Marty’s photo of the day #1500. It’s Book Excerpts Week, featuring an excerpt from my first book, “Cool Creatures, Hot Planet: Exploring the Seven Continents,” and a corresponding photo (that may or may not be from the book):
The thrill of seeing humpback whales up close leaves each person with a specific unforgettable memory. For some, it’s the whales’ huge size, incredible beauty, playful disposition, or earthy smell. For me, it’s the sound they made releasing air from their blowholes when they surfaced. Psssshhhhhhhhhhhhhp!—it was much louder than I expected, like sea monsters.
Because humpbacks are inquisitive animals with little fear of boats, whalers were able to slaughter them by the tens of thousands before they became a protected species. While I can’t imagine an ethically justifiable reason for killing a whale—especially in modern times—I have no problem imagining what a hunt is like:
A whaling ship motors through the morning mist. A mother humpback hears the noise and swims over to investigate. “Hi, I’m a humpback whale, and this is my baby. Do you wanna be friends?”
The soulless whaler can’t see the beauty or sense the intelligence—all he sees is a commodity. He pulls the trigger.
Ka-boom! An exploding harpoon pierces the mother humpback’s flesh, shocking every nerve in her body. Her blood pours into the ocean, as she slowly dies in agony.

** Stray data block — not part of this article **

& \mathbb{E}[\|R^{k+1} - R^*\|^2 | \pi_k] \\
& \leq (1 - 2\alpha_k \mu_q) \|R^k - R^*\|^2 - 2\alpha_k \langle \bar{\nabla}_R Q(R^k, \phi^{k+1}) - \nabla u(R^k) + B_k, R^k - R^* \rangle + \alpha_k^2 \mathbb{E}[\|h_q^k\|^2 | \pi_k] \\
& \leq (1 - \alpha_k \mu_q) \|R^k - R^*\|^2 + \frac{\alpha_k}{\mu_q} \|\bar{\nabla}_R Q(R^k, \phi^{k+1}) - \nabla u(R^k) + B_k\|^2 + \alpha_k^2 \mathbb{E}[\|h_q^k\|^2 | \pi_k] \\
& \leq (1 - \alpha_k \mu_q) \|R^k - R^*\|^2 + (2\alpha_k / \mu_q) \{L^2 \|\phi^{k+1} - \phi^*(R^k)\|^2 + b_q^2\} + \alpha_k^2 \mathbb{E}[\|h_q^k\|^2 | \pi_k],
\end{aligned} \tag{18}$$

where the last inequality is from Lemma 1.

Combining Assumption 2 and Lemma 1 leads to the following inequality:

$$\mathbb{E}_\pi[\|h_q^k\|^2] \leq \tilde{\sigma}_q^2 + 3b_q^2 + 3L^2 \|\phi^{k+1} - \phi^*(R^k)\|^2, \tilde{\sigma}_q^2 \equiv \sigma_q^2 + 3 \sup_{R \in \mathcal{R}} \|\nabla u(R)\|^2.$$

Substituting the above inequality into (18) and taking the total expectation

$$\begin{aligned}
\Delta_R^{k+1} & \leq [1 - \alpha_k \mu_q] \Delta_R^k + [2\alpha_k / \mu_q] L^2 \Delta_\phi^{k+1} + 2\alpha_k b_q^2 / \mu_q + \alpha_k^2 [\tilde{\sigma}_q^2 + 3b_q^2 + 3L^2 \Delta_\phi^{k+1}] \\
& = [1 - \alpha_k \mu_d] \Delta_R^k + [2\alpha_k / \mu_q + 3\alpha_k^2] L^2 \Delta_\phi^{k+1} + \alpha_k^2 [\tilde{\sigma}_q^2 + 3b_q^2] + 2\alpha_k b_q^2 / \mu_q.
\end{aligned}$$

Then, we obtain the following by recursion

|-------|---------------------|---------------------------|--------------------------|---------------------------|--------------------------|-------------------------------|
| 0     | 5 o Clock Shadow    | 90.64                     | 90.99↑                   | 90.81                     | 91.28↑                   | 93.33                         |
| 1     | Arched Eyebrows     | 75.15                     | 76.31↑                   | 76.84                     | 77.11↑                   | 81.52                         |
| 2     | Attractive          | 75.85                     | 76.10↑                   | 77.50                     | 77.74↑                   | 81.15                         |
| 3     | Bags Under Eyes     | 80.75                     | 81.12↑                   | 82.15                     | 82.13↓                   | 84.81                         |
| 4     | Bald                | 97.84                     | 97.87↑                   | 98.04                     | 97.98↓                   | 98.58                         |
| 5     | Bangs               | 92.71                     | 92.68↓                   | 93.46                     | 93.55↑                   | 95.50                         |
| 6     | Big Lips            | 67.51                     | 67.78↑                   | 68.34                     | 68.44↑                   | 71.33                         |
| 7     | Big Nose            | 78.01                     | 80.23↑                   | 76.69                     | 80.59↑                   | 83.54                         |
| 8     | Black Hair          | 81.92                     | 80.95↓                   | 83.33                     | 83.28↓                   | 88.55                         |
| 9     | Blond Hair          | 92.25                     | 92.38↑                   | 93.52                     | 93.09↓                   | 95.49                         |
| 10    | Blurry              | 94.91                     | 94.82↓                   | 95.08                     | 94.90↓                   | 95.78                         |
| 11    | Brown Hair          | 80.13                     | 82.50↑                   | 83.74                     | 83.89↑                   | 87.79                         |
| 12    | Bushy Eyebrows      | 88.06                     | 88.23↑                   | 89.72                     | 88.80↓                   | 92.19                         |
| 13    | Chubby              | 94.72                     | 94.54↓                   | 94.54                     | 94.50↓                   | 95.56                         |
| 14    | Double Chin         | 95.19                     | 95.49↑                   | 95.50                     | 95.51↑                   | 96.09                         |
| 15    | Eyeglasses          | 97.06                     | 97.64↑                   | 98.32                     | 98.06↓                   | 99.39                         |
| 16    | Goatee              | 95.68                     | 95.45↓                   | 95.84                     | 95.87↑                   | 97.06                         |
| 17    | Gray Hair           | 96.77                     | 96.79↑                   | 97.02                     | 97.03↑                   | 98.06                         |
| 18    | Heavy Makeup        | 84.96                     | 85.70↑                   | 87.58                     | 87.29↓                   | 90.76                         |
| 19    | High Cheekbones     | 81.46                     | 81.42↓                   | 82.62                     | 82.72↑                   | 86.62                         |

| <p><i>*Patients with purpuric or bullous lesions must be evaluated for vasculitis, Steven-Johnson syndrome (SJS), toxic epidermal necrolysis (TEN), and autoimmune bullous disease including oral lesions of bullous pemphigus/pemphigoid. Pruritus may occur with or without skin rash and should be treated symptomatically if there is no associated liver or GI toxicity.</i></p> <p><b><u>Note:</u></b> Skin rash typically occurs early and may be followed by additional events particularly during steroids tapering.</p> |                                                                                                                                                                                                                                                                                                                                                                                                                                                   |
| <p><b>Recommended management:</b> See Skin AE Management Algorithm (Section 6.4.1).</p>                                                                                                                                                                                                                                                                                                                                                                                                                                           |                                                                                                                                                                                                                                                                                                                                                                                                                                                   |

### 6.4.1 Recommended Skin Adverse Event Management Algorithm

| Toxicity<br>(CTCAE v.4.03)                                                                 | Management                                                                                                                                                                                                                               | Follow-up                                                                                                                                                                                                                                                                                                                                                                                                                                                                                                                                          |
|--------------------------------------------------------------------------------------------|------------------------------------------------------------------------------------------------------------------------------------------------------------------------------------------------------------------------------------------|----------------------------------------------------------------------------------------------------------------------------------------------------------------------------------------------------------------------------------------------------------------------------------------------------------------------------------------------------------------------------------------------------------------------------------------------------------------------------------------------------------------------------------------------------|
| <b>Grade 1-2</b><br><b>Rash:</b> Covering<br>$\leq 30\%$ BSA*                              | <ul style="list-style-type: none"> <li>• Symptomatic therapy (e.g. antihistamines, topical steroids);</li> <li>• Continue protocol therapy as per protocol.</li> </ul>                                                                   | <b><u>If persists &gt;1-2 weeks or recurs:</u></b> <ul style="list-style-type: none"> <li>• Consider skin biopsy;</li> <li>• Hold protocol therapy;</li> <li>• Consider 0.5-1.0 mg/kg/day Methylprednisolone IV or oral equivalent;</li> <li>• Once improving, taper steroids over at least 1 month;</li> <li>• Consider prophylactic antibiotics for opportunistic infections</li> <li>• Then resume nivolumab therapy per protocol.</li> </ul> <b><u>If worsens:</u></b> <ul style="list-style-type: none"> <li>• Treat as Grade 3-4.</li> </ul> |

The whaler smiles.
The baby humpback frantically nuzzles his mother. “Wake up!”
As blood covers the baby’s eyes, his world turns red. Confused and frightened he floats by his mother’s side, softly whistling a song of sorrow.
Ka-boom! His world goes black.
The whaler smiles.
Fact: One of the hunting methods used by whalers is to wound a calf and wait for its cries to lure in the mother and other nearby whales. Once the group is in range, they kill them all. Though this method of hunting is now illegal, not every whaler follows every law.
Since 1986, the International Whaling Commission has maintained a worldwide ban on commercial whale hunting. The ban isn’t permanent, however. In fact, a proposal from Japan to reinstate whaling was defeated as recently as the June 2005 IWC annual meeting (the vote was twenty-three in favor to twenty-nine opposed).
Even with the ban, whalers from Norway, Japan, Iceland, and various native villages slay almost fifteen hundred whales per year. Norway justifies its actions by refusing to acknowledge the validity of the regulations; Japan and Iceland claim their hunts are for “scientific purposes”; and native people are allowed hunts for “cultural and subsistence purposes.” Whatever their excuse, I don’t have a problem with it, as long as each whaler agrees to tie the anchor end of the harpoon rope around his testicles before firing.